While not quite as extensive as the similar Whiteface Mountain Veterans Memorial Highway in Lake Placid, the Prospect Mountain Veterans Memorial Highway in Lake George is definitely worth the visit! Lake George is a small village in the Adirondack Mountains that is popular for its stunning mountain views, hikes, and quaint downtown.
When you reach the 2,030 ft. summit, you will be treated to the 1,000 mile view stretching from the Adirondack High Peaks to Vermont’s Green Mountains to the White Mountains in New Hampshire, and on clear days the Laurentian Mountains of Canada.
Prospect Mountain has a long history as a destination spot for great views and a relaxing atmosphere. In 1895 a railway to take people to the summit was built that would take visitors to the Prospect Mountain House, a hotel with dining options and a dance hall. After 1903 the railway failed for financial reasons and the area was sold to NY state. The hotel that sat at the top burnt down in 1932. The current highway was opened in 1969 to provide easy access to the summit and 100 mile view.
The Prospect Mountain Veterans Memorial Highway is 5.5 miles and brings you to the summit of Prospect Mountain at 2,020 ft. On the way up you will find three pull of parking areas with overlooks. At the summit you will find a large parking area with a quarter of a mile walk up to the summit. There is also a large picnic area with tables and a bathroom next to the parking lot. You will find another picnic area on top of the summit, so make a day out of it and bring your lunch!
Access to the highway is off of US Route 9 and after a short distance you will come upon the entrance booth for the highway. As you begin your drive up the mountain, the first overlook you come upon is the Narrows. Here you will enjoy your first glimpse of Lake George and the village with towering mountains behind. You will also find binoculars for closer views (0.25 cents to use) and some fun rock formations to climb on.
The second overlook will bring you to some great views of Lake George Village below, the lake itself, and mountains in the background. There are more paid binoculars here and rocks to climb for better views.
There is a third pull off area, but the views from this one are not great, so we continued on to the parking area just below the summit. Again, here you can get some views of Lake George and the village below, but you have to make the final climb to the summit to get the really great views!
The last section of the highway was closed to cars, so we had to walk the quarter of the mile up. It took less than 10 minutes and was well worth it! (The summit is handicap accessible and they were allowing drivers with handicap tags to drive the rest of the way to the summit).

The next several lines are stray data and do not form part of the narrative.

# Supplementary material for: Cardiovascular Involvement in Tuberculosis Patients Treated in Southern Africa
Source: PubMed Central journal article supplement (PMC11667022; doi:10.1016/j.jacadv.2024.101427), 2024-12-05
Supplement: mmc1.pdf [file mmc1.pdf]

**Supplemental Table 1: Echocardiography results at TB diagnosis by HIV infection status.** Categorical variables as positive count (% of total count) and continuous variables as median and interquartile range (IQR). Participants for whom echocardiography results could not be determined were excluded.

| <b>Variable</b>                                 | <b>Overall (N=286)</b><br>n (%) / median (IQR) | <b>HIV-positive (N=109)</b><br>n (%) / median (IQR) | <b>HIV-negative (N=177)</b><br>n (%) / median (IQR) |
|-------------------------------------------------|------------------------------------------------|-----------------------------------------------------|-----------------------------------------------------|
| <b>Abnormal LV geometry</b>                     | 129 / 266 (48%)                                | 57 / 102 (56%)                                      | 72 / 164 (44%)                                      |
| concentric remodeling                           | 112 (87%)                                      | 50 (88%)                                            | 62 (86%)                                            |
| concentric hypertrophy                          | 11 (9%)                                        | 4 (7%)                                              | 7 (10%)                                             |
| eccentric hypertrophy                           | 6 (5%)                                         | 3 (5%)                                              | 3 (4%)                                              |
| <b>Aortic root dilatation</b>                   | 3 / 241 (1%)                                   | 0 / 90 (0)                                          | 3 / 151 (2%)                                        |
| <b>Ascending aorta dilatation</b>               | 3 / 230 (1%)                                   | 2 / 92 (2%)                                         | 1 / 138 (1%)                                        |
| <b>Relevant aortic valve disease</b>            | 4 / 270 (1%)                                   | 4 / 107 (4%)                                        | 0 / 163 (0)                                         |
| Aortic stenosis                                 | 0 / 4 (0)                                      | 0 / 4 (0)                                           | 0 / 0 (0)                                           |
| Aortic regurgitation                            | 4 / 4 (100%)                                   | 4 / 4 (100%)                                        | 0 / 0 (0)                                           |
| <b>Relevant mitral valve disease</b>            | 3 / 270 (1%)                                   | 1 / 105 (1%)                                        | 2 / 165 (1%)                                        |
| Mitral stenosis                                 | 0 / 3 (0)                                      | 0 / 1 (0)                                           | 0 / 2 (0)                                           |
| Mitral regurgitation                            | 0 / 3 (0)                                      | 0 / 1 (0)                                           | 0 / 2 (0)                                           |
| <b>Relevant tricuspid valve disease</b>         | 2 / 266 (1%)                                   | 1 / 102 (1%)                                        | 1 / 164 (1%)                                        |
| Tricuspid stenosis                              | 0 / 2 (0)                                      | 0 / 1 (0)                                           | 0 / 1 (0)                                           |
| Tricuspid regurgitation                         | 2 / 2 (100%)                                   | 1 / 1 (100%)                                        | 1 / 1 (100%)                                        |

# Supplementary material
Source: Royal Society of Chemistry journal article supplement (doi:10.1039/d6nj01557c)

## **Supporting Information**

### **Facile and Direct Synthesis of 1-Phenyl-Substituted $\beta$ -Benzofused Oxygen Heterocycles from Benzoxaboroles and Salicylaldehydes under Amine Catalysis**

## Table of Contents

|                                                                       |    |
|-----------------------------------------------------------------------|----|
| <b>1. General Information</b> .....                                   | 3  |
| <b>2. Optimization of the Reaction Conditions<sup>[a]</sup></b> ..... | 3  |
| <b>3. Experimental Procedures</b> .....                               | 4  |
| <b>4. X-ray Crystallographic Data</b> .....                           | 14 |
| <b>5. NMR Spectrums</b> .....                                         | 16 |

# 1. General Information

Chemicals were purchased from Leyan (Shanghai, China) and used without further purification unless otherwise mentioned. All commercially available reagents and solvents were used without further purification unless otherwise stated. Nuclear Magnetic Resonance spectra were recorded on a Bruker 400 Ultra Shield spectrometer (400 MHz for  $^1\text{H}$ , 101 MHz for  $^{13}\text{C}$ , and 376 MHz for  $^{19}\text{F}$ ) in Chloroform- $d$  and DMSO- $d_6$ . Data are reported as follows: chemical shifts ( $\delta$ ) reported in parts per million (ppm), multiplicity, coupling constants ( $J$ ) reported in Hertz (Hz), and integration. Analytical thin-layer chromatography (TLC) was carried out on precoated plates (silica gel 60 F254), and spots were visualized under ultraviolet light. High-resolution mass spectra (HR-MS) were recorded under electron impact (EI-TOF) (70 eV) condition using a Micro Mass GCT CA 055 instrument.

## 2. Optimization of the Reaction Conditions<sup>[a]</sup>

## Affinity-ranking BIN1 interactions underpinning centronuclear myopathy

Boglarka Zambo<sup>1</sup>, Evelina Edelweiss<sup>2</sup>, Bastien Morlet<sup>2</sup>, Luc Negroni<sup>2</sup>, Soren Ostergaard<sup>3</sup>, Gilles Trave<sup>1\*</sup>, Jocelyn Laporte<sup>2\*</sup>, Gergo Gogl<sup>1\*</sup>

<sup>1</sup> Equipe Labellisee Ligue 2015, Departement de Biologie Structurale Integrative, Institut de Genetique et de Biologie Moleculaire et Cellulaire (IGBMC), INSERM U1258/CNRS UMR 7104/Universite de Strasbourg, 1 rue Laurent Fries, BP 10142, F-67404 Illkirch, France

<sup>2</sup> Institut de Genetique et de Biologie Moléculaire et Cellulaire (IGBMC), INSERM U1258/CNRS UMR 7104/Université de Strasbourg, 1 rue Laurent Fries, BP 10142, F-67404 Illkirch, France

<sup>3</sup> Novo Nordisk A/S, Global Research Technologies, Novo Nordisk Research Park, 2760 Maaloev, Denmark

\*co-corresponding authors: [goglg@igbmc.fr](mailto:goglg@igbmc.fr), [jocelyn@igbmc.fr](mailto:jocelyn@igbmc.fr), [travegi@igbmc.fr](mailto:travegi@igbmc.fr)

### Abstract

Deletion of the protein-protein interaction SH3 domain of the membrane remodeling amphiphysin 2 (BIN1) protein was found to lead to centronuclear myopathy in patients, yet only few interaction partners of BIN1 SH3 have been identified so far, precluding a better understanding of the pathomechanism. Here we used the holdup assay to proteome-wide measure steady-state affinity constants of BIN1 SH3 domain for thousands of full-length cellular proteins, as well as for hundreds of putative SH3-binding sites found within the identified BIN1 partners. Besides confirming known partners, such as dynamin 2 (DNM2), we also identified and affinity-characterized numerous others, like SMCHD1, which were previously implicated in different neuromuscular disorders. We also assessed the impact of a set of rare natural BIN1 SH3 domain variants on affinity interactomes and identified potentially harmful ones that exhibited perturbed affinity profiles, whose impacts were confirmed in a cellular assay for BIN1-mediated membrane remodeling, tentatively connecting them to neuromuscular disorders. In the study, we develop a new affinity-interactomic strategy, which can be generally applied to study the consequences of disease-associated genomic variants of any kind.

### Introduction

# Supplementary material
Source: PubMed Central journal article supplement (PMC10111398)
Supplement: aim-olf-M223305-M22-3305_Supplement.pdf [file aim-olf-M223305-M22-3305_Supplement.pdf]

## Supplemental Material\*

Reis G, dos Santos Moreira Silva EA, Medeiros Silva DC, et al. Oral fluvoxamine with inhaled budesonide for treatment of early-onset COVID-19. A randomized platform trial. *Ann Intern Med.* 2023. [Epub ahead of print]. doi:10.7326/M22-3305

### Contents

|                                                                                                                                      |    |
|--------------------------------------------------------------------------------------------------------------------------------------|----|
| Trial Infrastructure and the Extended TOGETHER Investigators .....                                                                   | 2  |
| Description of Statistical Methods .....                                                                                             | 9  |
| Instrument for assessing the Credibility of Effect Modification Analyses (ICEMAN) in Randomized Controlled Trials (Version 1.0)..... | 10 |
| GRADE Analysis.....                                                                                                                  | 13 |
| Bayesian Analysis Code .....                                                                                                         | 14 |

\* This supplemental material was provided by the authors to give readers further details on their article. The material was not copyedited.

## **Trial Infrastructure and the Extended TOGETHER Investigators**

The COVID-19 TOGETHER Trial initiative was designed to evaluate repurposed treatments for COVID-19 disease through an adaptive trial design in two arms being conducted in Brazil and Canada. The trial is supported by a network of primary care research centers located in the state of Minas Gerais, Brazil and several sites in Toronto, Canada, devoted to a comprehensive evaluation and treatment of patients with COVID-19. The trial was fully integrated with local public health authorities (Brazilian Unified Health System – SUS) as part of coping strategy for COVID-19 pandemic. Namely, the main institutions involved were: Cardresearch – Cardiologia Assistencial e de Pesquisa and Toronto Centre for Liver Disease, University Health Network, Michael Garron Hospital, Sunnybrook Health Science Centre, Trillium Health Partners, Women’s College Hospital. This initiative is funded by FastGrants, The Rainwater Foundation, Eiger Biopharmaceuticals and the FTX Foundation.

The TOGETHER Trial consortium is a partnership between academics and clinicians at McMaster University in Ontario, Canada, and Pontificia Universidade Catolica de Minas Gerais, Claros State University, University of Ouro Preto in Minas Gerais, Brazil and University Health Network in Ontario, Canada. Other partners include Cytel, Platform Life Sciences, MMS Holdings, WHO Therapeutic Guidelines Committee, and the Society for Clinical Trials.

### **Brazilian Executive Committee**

At the summit you will also find the remains of the railway that once sat at the top and a sign with the history of the Prospect Mountain House.
The fee for entrance to the highway is $10 per car, $5 for motorcycles, and $50 for buses.
While driving to the summit of Prospect Mountain is the easiest and least strenuous way to reach it, there are alternative methods for those who are more physically inclined.
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The Milton J. Rubenstein Museum of Science and Technology is found in downtown Syracuse in Armory Square. For those looking for a fun, educational, indoor experience in Upstate NY the MOST museum fits the bill! Kids will enjoy the many interactive and hands-on exhibits while learning about the natural environment!
Address: 500 S. Franklin St., Syracuse, NY 13202
Directions from the East/West: Take I690 to exit 11 (West Street), turn left on Fayette St., and right onto Franklin Street, continue until you reach the MOST.
Directions from the North: From I80 south exit onto Exit 20 to Franklin Street, and continue on Franklin Street until reaching the museum.
Directions from the South: From I81 North exit on Exit 18 to Adams Street, turn left onto Harrison Street, right onto Salina Street, left onto West Jefferson Street, and turn into the Armory Square circle.
Parking: Parking is available in the Trolley Lot public parking area which can be accessed by going through the tunnel behind the museum. Paid parking is also available on the streets with parking meters (free on Sundays and holidays).
Due to the Coronavirus pandemic hours are currently restricted and scheduled in two blocks: 9:30am to 1:00pm and 2:00pm to 5:30pm. Visitors who purchase tickets for the morning time block are permitted to return for the afternoon time block.
The museum is currently open Friday, Saturday, and Sunday.
A map of the museum is available upon arrival or can be found here.
The Visiting Exhibit
The current temporary visiting exhibit (at the time of this writing) is the Nature’s Ninjas exhibit. I will only briefly mention this because it will only be available until April 2021, but if you are able to visit before then it is well worth the visit!
The exhibits includes various species of reptiles and small animals from the Little Rays Nature Center for viewing and a 30 minute show that will allow you and the kids to learn about the animals and get up close and even pet them as the show leader brings each of three animals around.